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Signs Of Cash Flows; Periods And Cash Flows; Simple And Compound Interest - HP 10bII+ User Manual

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Signs of Cash Flows

In cash flow diagrams, money invested is shown as negative and money withdrawn is shown
as positive. Cash flowing out is negative, cash flowing in is positive.
For example, from the lender's perspective, cash flows to customers for loans are represented
as negative. Likewise, when a lender receives money from customers, cash flows are
represented as positive. In contrast, from the borrower's perspective, cash borrowed is positive
while cash paid back is negative.

Periods and Cash Flows

In addition to the sign convention (cash flowing out is negative, cash flowing in is positive) on
cash flow diagrams, there are several more considerations:
The time line is divided into equal time intervals. The most common period is a month, but days,
quarters, and annual periods are also common. The period is normally defined in a contract and
must be known before you can begin calculating.
To solve a financial problem with the HP 10bII+, all cash flows must occur at either the beginning or
end of a period.
If more than one cash flow occurs at the same place on the cash flow diagram, they are added
together or netted. For example, a negative cash flow of -250.00 and a positive cash flow of 750.00
occurring at the same time on the cash flow diagram are entered as a 500.00 cash flow (750 - 250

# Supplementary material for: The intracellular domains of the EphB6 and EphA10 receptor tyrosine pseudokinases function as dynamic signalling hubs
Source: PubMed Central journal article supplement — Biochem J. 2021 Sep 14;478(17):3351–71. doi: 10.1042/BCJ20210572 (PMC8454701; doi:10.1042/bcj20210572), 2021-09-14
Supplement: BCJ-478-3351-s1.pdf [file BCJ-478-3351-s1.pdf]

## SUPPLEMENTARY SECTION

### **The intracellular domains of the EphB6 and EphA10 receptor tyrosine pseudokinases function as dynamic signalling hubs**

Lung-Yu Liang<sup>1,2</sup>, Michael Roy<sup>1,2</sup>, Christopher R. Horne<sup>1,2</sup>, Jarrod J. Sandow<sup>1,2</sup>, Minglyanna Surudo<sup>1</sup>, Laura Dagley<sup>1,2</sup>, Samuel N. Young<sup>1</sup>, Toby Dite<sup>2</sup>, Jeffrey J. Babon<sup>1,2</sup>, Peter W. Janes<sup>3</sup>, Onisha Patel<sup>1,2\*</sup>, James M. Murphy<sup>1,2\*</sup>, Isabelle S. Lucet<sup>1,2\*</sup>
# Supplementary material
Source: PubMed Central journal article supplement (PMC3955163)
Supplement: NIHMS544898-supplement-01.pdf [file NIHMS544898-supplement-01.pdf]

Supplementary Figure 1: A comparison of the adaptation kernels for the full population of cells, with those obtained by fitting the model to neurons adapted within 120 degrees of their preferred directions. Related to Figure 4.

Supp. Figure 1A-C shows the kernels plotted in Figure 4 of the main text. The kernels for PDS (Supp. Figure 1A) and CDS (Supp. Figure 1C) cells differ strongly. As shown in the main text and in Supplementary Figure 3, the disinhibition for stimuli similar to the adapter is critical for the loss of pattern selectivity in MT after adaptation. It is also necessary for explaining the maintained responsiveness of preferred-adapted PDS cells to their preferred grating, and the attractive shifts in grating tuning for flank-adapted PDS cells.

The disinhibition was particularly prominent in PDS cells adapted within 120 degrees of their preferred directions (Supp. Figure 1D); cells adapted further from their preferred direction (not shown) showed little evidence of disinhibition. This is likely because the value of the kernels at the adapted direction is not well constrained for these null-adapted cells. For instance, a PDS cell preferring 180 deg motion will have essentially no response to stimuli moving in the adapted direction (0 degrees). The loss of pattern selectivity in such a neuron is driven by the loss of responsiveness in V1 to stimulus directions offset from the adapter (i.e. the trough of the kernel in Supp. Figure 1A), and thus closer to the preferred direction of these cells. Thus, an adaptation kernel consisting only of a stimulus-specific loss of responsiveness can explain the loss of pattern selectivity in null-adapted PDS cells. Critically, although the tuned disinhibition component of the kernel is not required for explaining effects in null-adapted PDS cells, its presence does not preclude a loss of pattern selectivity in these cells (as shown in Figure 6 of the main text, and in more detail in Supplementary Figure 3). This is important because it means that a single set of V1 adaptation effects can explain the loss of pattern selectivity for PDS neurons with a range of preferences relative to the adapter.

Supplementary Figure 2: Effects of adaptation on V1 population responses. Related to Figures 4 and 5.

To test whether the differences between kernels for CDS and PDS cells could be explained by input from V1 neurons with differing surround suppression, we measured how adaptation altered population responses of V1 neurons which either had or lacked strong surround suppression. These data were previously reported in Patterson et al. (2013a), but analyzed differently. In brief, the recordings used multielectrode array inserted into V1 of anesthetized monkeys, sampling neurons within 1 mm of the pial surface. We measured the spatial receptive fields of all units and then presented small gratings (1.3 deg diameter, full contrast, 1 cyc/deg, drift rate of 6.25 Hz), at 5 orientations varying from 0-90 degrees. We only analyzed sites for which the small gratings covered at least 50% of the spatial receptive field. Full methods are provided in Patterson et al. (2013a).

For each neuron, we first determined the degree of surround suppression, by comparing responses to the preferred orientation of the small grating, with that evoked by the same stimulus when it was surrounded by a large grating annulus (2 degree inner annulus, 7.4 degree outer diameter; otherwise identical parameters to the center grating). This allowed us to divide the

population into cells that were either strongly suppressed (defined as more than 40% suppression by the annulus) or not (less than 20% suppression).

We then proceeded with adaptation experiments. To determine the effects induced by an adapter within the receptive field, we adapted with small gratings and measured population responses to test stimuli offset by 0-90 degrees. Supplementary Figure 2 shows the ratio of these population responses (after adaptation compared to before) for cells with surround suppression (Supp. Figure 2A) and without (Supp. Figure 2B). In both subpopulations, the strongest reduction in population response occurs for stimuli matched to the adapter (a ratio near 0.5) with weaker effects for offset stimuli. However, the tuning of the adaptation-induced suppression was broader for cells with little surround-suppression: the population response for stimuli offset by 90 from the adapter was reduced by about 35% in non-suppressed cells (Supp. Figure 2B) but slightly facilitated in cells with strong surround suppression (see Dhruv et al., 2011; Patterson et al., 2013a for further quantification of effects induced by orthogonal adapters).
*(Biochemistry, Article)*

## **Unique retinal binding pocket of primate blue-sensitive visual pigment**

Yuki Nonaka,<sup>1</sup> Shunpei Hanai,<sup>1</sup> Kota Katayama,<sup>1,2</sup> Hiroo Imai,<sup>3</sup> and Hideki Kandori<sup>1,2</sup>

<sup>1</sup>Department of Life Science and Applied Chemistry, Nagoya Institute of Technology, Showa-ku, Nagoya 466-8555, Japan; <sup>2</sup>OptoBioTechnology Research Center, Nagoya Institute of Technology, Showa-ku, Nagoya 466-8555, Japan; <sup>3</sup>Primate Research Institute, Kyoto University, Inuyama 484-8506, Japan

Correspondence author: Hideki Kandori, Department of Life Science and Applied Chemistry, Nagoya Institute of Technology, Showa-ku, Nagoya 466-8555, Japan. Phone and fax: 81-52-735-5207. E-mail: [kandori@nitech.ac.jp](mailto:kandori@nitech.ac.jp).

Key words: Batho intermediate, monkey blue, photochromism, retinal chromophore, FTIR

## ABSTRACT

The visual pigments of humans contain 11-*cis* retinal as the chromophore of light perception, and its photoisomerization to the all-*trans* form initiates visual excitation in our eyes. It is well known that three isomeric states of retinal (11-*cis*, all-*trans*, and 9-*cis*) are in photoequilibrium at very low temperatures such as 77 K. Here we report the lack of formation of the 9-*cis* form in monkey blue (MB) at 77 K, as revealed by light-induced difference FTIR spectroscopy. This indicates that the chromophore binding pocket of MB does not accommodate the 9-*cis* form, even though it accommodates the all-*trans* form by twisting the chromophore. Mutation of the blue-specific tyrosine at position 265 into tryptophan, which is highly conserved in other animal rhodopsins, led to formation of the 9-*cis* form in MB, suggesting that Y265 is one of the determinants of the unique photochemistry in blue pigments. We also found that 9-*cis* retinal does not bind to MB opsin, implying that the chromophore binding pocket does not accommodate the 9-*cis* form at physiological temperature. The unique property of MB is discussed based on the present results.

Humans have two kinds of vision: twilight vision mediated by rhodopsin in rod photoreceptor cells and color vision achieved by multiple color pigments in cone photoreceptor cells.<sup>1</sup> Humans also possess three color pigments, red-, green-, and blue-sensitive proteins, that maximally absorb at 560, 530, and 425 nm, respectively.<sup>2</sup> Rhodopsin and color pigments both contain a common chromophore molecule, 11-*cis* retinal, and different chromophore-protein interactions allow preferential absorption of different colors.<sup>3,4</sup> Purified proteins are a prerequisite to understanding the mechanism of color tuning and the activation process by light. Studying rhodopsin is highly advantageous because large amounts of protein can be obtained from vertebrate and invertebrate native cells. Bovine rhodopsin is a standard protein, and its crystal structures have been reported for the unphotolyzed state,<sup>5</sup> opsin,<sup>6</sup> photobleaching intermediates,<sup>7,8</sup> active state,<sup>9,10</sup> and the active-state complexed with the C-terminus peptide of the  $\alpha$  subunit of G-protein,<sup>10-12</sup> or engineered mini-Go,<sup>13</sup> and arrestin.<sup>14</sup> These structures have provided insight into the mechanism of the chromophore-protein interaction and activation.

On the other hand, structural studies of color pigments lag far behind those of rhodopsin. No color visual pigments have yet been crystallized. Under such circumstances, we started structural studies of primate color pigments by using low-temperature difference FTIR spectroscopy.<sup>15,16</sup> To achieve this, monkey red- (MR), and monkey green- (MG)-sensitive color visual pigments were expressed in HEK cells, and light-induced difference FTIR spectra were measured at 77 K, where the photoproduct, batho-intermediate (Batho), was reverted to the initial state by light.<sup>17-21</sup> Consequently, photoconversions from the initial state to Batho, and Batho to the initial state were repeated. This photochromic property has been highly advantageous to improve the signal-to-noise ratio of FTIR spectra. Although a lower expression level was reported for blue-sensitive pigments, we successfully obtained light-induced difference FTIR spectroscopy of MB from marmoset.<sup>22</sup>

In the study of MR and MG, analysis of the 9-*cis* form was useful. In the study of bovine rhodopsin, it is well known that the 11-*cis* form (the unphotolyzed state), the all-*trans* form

= 500).
A valid financial transaction must have at least one positive and one negative cash flow.

Simple and Compound Interest

Financial calculations are based on the fact that money earns interest over time. There are two
types of interest:
Simple interest
Compound interest
The basis for Time Value of Money and cash flow calculations is compound interest.
Simple Interest
In simple-interest contracts, interest is a percent of the original principal. The interest and
principal are due at the end of the contract. For example, say you loan 500 to a friend for a
year, and you want to be repaid with 10% simple interest. At the end of the year, your friend
owes you 550.00 (50 is 10% of 500). Simple interest calculations are done using the
key on your HP 10bII+. An example of a simple interest calculation can be found in chapter
6 under the section titled, Interest Rate Conversions.
Picturing Financial Problems


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